UK: Civil Justice Council report on ADR calls for review of Halsey guidelines but stops short of recommending mandatory mediation

Jan O’Neill
Professional Support Lawyer, London

 

The Civil Justice Council’s ADR working group has released its final report on ADR and Civil Justice, following consultation on its interim report released last year. The broad mandate of the review was “to maintain the search for the right relationship between civil justice and ADR” and to promote debate over possible reforms.

The report includes various recommendations aimed at improving the awareness of ADR (both in the general public and in the professions/judiciary) and the availability of ADR (both in terms of funding/logistics and regulation of the professionals involved).

However the recommendations likely to be of most interest to users of the civil justice system in the short term are those that relate to Court/Government encouragement of ADR.  In this regard:

  • The report does not support blanket compulsion of ADR in the sense of requiring proof of ADR activity as an administrative precondition to any particular step in the litigation.
  • It also rejects the introduction of mandatory Mediation Information and Advice Meetings (as used in the family courts) as a precondition to pursuing civil claims.

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A new international Convention for the enforcement of mediated settlements

We are soon to have a new international regime for the enforcement of mediated settlement agreements.

The UN Convention on International Settlement Agreements Resulting from Mediation, which will be known as the Singapore Convention, was approved in June 2018 by UNCITRAL (the United Nations Commission on International Trade Law).  It is expected to be open for signature from 1 August 2019 and will come into force upon ratification by at least three contracting States.

The Convention will oblige contracting States (except in specified limited circumstances) to recognise international settlement agreements resulting from mediation in commercial disputes, either to enforce the agreement or allow it to be invoked as a defence to a claim (that is, either as a sword or a shield).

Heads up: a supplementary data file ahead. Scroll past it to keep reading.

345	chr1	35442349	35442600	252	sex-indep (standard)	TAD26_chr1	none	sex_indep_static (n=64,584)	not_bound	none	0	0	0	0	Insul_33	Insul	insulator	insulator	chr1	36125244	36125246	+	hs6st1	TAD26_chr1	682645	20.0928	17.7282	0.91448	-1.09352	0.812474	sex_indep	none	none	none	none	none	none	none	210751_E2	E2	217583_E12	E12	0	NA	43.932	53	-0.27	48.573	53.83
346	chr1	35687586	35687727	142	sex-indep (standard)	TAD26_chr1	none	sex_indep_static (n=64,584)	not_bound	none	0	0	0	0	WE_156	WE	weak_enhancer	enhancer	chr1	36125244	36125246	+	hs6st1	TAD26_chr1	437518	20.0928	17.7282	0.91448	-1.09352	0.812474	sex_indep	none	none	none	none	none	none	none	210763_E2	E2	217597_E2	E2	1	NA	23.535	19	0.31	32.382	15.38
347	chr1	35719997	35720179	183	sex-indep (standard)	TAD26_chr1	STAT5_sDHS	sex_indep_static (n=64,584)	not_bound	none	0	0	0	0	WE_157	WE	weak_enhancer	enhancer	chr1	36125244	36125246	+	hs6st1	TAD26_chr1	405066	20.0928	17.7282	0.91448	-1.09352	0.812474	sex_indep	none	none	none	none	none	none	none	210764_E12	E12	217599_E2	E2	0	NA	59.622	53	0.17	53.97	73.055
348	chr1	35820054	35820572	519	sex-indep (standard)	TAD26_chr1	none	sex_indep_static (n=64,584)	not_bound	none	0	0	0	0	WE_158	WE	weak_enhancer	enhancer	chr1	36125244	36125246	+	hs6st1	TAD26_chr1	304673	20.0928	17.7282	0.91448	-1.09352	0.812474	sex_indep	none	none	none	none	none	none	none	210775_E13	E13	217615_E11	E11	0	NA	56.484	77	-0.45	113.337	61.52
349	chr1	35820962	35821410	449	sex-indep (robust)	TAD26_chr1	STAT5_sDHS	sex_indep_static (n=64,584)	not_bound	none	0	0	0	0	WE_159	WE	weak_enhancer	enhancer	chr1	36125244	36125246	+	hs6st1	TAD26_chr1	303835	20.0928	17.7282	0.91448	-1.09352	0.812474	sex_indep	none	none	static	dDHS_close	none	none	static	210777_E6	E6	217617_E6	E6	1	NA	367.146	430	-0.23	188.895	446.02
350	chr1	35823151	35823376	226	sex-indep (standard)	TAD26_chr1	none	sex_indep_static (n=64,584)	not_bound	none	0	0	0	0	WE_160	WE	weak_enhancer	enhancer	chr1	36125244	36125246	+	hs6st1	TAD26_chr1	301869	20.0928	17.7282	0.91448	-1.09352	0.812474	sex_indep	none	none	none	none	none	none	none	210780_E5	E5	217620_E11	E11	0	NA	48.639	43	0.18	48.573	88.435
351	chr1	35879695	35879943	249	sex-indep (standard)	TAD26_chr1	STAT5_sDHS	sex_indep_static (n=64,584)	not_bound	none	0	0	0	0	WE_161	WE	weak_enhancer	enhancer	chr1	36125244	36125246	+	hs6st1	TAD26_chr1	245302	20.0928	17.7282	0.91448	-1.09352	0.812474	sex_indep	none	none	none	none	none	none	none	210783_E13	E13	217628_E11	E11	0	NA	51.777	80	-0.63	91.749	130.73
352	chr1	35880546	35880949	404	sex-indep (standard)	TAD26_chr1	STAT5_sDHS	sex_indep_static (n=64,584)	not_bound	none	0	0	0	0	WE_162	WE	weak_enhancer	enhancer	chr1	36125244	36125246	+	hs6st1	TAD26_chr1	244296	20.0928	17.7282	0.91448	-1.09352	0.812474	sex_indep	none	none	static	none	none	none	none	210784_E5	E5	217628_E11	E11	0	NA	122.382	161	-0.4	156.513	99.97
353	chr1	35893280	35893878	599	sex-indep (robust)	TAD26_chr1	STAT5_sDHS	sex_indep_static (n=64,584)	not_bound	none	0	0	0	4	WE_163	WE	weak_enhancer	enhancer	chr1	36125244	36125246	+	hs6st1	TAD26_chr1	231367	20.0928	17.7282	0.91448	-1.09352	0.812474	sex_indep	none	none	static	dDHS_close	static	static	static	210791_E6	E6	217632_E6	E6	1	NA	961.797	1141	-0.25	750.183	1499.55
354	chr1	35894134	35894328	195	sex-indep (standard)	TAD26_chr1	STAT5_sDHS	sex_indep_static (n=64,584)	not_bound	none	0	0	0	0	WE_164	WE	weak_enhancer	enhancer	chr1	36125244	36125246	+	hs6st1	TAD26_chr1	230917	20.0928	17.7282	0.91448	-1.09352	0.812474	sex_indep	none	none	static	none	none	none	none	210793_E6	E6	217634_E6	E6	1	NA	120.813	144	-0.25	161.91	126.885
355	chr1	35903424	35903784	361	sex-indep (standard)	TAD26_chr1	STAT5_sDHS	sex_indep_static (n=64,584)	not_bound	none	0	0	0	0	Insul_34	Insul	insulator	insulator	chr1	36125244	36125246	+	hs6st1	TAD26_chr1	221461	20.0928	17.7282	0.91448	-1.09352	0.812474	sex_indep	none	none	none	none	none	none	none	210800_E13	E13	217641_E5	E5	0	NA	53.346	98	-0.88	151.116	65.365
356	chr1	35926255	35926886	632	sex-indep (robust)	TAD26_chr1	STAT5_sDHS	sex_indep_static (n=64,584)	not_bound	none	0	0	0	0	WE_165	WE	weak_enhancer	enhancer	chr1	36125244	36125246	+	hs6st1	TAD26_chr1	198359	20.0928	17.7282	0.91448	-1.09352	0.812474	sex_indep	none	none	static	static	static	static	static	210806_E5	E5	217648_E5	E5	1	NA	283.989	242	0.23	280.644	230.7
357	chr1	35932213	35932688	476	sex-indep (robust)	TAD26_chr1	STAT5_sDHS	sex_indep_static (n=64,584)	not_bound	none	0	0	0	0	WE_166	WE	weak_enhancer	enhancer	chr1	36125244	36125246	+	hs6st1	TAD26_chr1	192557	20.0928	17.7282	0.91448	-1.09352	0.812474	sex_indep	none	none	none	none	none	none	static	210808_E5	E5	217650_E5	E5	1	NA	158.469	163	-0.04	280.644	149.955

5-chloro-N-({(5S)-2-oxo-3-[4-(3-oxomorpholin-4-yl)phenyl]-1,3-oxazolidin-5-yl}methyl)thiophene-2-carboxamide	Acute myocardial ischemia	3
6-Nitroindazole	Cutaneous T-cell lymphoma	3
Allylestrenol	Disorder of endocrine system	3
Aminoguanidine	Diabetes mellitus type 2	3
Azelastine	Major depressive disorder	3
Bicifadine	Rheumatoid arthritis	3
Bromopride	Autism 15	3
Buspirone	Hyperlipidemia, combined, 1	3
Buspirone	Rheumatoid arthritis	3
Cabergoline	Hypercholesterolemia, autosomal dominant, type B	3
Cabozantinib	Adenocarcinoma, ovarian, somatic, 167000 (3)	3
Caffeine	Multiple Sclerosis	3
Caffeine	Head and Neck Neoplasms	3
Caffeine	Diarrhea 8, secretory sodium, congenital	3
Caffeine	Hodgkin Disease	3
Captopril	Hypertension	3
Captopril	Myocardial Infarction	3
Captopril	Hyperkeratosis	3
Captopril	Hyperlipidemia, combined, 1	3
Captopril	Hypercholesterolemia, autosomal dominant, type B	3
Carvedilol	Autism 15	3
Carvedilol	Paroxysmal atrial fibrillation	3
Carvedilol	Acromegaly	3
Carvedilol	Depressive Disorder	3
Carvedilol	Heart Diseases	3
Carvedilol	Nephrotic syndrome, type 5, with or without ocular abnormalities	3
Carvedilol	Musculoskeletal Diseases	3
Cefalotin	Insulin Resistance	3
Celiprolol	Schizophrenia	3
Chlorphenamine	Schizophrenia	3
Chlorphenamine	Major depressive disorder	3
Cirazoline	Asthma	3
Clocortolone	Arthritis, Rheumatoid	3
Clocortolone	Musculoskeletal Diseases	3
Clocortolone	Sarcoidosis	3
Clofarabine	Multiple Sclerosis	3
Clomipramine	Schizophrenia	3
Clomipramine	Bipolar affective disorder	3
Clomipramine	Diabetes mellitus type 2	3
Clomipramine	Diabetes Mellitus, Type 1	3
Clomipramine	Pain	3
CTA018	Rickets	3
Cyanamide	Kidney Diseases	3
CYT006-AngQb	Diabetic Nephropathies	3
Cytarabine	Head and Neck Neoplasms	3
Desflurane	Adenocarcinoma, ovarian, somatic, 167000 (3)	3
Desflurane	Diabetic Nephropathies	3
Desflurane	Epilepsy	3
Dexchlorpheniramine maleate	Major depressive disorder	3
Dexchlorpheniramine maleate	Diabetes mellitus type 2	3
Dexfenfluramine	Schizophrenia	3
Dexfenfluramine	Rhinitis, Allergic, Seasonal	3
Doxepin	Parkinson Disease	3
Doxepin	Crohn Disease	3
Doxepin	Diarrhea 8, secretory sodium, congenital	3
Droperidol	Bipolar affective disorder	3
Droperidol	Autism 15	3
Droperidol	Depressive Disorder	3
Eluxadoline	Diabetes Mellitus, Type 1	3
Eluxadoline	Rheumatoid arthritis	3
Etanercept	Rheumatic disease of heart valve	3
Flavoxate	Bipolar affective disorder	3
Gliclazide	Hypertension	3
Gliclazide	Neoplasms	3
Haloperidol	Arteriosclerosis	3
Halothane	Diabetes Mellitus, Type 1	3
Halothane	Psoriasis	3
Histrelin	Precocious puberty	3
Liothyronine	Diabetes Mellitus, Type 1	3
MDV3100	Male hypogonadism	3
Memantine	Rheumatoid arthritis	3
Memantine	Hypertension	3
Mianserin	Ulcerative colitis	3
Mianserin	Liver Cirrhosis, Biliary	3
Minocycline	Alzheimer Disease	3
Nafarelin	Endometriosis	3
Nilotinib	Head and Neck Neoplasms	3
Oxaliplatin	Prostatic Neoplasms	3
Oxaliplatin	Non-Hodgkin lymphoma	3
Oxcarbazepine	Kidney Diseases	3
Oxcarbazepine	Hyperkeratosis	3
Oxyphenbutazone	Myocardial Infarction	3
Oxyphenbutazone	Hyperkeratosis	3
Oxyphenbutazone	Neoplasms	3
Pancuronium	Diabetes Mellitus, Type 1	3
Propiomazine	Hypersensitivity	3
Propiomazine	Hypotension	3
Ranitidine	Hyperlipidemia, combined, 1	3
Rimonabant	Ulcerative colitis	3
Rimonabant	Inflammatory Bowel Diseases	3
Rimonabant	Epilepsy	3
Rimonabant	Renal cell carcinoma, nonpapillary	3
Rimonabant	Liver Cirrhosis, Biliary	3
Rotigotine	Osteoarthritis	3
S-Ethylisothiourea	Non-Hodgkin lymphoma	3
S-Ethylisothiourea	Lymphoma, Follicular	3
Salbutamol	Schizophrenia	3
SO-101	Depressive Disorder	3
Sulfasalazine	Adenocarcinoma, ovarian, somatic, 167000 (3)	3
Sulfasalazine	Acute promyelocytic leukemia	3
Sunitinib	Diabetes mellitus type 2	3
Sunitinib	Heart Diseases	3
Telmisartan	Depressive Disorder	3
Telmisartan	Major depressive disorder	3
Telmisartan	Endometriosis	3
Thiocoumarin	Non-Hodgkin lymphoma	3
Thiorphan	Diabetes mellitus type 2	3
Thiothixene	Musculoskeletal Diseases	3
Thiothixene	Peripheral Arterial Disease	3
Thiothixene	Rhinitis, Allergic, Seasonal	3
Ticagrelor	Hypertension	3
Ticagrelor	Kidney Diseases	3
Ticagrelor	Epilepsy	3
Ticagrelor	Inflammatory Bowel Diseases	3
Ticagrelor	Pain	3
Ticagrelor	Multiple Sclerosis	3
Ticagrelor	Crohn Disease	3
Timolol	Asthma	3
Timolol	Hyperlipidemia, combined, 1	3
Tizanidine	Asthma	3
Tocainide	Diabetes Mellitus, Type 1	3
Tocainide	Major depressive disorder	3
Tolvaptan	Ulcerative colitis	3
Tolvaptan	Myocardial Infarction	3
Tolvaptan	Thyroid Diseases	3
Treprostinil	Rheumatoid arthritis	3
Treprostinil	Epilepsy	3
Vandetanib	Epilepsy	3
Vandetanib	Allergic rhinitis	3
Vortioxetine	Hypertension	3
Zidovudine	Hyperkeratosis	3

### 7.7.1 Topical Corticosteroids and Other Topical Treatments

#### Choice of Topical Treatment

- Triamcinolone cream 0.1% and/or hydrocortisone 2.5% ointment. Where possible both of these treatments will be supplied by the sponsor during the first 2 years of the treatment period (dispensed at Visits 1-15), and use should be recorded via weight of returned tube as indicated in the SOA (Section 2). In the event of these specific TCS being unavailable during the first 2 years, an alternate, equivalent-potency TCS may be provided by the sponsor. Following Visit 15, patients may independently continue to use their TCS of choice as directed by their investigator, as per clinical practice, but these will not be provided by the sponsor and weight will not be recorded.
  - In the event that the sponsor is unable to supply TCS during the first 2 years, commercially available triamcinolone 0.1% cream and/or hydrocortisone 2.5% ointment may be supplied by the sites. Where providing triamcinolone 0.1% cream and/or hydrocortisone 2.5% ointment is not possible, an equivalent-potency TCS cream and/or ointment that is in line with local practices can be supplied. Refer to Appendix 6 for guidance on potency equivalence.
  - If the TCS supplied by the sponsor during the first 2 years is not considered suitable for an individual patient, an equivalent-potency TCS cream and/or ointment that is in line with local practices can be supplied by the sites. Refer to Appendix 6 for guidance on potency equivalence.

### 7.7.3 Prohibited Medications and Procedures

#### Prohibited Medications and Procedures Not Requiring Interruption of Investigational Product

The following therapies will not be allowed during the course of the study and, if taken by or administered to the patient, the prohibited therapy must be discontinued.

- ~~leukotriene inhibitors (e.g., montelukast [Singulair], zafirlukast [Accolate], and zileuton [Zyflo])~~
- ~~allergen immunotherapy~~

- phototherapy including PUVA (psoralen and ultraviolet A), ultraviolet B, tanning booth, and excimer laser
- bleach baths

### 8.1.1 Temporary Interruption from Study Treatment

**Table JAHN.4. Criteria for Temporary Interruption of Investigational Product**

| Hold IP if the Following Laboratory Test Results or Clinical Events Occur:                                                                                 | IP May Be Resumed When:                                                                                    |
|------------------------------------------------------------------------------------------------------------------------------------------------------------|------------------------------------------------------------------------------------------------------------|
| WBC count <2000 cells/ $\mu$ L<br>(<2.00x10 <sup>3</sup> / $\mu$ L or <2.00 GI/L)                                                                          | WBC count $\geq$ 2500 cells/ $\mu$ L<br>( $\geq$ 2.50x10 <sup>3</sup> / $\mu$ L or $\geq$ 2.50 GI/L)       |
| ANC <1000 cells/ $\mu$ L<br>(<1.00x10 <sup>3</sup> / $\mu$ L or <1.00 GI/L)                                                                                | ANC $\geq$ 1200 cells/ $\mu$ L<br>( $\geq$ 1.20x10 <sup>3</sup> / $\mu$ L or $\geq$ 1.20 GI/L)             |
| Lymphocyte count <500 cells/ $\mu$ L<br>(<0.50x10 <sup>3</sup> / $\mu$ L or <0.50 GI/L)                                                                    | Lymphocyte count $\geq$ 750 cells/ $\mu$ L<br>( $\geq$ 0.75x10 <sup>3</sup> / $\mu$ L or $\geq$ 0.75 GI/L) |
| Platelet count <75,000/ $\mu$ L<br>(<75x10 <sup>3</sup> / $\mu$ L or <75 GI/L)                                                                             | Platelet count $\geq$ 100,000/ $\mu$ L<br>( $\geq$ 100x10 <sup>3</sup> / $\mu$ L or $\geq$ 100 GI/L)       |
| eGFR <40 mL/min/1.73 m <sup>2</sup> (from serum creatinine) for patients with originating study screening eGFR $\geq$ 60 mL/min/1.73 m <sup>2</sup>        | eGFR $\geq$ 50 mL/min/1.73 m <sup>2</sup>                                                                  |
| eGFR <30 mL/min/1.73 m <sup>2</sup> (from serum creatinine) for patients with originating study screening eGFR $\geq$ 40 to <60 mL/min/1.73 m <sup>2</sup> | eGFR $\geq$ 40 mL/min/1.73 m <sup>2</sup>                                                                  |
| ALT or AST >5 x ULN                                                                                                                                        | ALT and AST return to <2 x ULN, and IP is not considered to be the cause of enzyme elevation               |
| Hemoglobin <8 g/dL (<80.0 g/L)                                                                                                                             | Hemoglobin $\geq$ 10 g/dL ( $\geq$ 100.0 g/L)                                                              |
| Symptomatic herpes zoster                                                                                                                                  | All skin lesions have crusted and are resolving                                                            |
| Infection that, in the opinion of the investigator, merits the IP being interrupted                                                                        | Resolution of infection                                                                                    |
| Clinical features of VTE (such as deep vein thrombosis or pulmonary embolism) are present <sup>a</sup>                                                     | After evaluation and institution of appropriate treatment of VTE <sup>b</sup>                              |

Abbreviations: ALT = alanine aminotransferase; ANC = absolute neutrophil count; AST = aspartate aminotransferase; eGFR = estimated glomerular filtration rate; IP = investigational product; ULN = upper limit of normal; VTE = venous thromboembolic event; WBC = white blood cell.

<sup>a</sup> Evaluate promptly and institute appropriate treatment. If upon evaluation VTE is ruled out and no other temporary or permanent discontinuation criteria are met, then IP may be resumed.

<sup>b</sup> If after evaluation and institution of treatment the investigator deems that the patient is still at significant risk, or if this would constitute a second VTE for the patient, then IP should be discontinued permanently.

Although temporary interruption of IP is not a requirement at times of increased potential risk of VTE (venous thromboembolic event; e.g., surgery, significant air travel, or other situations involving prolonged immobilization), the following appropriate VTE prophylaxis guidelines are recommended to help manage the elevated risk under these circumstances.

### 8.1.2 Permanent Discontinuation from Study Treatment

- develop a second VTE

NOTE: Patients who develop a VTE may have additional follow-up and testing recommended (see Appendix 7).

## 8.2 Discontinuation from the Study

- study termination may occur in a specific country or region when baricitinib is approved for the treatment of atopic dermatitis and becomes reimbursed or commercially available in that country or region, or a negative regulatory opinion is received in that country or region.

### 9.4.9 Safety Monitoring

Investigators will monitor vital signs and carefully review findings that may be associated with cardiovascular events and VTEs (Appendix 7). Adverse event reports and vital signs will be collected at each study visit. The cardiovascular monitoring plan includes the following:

It is hoped that the Singapore Convention will achieve for mediation what the New York Convention has for international arbitration, encouraging a greater global acceptance of mediation as a credible and reliable dispute resolution mechanism in international commerce.

For more detail on the Convention, and commentary on how likely it is to achieve that aim, see the article by Jan O’Neill (Professional Support Lawyer, London) recently published on the Practical Law Dispute Resolution Blog, here.

Jan O'Neill
Jan O'Neill
Professional Support Lawyer, London
+44 20 7466 2202

 

Singapore Convention on enforcement of mediated settlement agreements published

Further to our earlier post, the Singapore Convention has now been published. It will be signed in Singapore on 1 August 2019 and will come into effect six months after at least three states have ratified it.

The drafters’ goal is for the Singapore Convention to be for mediation what the New York Convention is for arbitration.  That the Convention is potentially significant in terms of enforcement is clear. But it is also important in terms of elevating the status of international commercial mediation and lending greater credibility to the process. Much will depend on uptake, but with the New York Convention as a blueprint, the goal is to secure numerous signatory states at the outset.

The Convention will aid enforcement of mediated settlement agreements relating to international commercial disputes, being those where:

  • at least two parties to the settlement agreement operate in different contracting states; or
  • the state where the substantial part of the settlement agreement is to be performed is different to where the parties to the settlement conduct business; or
  • the state where the settlement agreement is most closely connected is different to where the parties to the settlement conduct business.

The Convention carves out consumer, personal, household, family, inheritance and employment disputes from its jurisdiction.

There are various procedural requirements for the underlying settlement agreement to qualify for enforcement under the Convention. There are also grounds for refusing to grant relief listed in the Convention. These include the incapacity of the parties, invalidity of the settlement agreement, serious breach of mediator standards, mediator bias and public policy.

Jan O'Neill
Jan O'Neill
Professional Support Lawyer, London
+44 20 7466 2202

 

UK commercial mediation market grows 20% – CEDR mediation audit results published

Jan O’Neill
Professional Support Lawyer, London

 

The Centre for Effective Dispute Resolution (CEDR) has released the results of its Mediation Audit 2018, based on a survey of practising mediators in the UK. (The results of parallel surveys of lawyer attitudes to mediation, and of US practitioners’ views, are to be published separately).